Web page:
Different feedback structures may arise from the complexity of the structure of the stocks and flows. For example, a simple structure may give positive feedback which can generate exponential growth or decline, whereas a more complex structure can give rise to oscillation. A more detailed reading on SD modeling can be found in (39).

3.1.1. Model conceptualization

The purpose of a SD model is to represent the treatment pathways for depression. Our model can be used to capture information on individual flows through the system. SD is considered in this study due to its advantages in dealing with complex systems and when detailed data are not available (74). Moreover, the treatment pathways represent the situation when an individual agent in and agent-based (AB) model is in the treatment state. An individual can use different services to receive treatment. It would be challenging to further add in treatment pathways to the AB model that itself is already complex.

The treatment pathways for depression is divided into three categories based on severity levels (mild, moderate, and severe). This division is necessary due to several reasons. First, different levels of severity may need different management of depression. Second, developing dedicated pathways for each level of conditions assists in obtaining analysis results according to the specific condition. Third, it provides a clear description of the interaction points between the disease progression model (in ABM) and the system of care model (in SD) for each severity case.

3.1.2. Model assumptions

Modeling the system of care for depression, in this study, rests upon recommended WHO TOLKIEN II pathways (75). These pathways were developed based on the collected data of people suffering from mental health conditions, evidence on the best treatment for each condition, and extensive expert opinions on the best treatment structure (75). WHO TOLKIEN II pathways provide a clear description of depression treatment for each severity level (mild, moderate, and severe depression), which is based on a stepped care model and in line with NICE guidelines (12). It follows, the description of the treatment pathways refers to the two resources (12, 75).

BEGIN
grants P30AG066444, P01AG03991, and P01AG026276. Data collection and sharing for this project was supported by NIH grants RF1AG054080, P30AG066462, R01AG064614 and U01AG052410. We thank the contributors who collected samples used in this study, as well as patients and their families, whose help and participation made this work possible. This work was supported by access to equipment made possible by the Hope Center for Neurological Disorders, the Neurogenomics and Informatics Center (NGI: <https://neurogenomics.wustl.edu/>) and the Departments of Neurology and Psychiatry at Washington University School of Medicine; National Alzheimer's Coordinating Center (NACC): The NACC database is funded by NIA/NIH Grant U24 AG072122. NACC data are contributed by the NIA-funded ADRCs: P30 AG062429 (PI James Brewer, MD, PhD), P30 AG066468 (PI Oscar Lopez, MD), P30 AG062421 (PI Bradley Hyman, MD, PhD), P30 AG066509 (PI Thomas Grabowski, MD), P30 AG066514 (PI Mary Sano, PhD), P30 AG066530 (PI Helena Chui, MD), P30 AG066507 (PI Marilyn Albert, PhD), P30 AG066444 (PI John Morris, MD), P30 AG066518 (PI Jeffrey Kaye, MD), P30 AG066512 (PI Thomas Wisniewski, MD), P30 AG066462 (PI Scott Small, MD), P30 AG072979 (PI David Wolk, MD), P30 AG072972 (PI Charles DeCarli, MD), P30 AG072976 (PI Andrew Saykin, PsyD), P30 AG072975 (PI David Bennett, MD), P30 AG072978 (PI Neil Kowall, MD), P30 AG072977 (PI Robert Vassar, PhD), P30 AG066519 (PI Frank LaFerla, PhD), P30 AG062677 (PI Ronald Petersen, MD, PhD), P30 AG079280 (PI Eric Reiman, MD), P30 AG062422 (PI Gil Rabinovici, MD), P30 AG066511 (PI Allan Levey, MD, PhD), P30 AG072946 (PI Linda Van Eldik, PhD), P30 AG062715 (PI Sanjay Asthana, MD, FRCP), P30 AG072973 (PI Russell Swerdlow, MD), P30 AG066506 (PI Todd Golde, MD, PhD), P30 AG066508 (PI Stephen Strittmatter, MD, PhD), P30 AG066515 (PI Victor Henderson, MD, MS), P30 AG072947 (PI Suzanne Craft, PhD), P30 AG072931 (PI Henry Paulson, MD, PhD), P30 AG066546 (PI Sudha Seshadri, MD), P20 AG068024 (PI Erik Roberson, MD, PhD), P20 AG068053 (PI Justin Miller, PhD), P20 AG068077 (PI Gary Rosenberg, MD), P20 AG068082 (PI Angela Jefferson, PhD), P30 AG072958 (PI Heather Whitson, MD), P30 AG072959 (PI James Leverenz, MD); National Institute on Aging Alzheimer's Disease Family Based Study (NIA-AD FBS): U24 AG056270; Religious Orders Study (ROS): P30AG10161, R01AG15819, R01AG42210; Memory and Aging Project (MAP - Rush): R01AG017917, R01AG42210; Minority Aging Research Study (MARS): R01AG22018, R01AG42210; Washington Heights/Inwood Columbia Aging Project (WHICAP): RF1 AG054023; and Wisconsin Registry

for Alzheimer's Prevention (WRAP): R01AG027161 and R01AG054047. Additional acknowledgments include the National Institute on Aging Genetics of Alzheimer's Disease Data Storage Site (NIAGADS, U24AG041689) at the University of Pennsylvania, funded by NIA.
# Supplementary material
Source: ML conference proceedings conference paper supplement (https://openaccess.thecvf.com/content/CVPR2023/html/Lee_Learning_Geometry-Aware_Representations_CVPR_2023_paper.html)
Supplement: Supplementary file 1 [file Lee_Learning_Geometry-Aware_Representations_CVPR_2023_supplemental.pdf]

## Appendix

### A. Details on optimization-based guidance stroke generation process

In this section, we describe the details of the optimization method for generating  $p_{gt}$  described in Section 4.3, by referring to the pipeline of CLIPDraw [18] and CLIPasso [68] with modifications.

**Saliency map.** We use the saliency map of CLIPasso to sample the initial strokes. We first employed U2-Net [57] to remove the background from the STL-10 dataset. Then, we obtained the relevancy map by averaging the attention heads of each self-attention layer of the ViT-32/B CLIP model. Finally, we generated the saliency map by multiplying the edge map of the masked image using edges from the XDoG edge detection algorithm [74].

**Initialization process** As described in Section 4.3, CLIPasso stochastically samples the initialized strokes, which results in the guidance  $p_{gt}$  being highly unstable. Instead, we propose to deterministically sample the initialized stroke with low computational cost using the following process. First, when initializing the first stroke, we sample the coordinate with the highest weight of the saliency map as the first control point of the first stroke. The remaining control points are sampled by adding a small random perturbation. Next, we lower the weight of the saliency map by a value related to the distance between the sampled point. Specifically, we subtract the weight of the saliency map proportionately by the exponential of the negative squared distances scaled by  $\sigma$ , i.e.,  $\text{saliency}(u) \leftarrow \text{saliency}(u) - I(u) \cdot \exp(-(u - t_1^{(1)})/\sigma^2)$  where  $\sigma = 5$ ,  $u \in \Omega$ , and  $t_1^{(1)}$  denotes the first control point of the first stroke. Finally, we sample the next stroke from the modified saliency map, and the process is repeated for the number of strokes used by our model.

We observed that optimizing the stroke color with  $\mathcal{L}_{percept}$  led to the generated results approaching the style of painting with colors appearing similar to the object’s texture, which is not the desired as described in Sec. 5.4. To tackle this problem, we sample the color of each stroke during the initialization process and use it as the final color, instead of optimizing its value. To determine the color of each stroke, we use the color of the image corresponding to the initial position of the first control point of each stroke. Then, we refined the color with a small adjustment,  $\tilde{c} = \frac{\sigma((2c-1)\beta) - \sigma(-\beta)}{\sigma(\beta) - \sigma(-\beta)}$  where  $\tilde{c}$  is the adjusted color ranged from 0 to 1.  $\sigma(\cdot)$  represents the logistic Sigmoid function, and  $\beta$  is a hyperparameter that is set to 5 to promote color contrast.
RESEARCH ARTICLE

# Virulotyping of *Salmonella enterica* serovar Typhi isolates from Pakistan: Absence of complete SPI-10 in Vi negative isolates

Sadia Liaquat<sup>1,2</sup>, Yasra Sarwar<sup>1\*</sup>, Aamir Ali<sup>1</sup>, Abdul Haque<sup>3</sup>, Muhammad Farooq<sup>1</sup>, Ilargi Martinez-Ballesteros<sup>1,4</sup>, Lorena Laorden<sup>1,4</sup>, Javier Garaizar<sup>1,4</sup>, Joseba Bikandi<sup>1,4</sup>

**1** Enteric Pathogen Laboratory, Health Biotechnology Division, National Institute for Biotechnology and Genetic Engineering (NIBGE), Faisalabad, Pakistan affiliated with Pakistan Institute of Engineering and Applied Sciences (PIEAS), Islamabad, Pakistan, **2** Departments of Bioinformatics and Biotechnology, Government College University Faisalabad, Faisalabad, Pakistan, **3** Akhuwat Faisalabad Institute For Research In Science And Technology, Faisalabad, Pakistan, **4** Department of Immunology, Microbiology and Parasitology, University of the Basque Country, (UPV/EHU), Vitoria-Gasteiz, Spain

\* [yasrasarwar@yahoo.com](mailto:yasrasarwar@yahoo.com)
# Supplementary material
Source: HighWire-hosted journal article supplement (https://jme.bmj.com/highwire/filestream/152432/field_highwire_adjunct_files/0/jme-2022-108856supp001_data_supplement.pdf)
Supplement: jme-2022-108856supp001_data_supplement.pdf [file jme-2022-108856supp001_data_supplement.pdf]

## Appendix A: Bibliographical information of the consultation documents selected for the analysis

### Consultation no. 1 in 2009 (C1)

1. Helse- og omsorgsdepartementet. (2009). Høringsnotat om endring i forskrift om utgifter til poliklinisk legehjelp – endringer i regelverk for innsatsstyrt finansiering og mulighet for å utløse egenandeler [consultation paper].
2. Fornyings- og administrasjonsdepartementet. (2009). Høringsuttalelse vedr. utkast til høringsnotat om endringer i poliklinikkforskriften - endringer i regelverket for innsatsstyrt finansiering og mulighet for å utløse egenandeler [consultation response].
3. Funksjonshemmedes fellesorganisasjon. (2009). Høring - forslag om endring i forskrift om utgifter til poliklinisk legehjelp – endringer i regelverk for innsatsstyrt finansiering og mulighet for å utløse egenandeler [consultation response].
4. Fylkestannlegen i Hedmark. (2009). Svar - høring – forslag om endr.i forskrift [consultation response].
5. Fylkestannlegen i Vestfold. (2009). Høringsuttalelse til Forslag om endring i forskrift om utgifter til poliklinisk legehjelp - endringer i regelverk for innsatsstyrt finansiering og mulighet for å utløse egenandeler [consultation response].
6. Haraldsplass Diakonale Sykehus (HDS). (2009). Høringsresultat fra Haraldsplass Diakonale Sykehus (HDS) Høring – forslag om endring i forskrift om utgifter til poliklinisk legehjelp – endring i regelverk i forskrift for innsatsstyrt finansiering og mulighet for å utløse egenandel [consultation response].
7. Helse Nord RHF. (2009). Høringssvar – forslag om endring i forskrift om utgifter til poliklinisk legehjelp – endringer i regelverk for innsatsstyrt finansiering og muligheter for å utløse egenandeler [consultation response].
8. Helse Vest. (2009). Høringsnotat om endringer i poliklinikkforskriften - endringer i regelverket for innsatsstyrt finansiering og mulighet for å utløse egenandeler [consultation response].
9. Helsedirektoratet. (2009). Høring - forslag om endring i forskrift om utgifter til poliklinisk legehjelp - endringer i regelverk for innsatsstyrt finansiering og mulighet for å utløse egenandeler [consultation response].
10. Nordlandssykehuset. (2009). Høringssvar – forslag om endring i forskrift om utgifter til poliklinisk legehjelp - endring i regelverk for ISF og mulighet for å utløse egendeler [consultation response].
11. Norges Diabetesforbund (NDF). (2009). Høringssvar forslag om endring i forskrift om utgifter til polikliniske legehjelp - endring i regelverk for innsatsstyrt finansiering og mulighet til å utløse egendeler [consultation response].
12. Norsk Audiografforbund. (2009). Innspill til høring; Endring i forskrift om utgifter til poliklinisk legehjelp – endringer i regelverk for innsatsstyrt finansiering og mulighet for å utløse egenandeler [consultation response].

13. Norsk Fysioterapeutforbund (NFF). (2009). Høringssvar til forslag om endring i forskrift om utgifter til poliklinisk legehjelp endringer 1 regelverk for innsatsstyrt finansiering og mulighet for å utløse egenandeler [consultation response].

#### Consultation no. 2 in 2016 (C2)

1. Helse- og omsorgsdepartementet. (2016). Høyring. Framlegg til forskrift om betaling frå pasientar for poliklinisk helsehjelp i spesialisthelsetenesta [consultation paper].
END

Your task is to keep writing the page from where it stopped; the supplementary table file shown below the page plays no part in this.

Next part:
We model treatment for mild depression to be managed in primary care. A person's GP, as the first point of contact, will provide four consultations along with other resources to help patient manage their condition. The majority of those who develop mild depression symptoms will remit within 6 weeks. Those patients whose condition persists beyond this time period are offered to choose between taking medication (under the supervision of their GP) or receiving therapy managed by a clinical psychologist. It is perceived to start with generic medication (NICE recommendation) with a duration of 46 weeks (TOLKIEN II). Patients are allocated up to six GP visits during the medication treatment. For those patients who receive therapy, they are allocated up to six clinical psychologist visits. After having received clinical psychologist treatment, patients check in with their GPs to ensure that the GPs keep track of the patient's progress.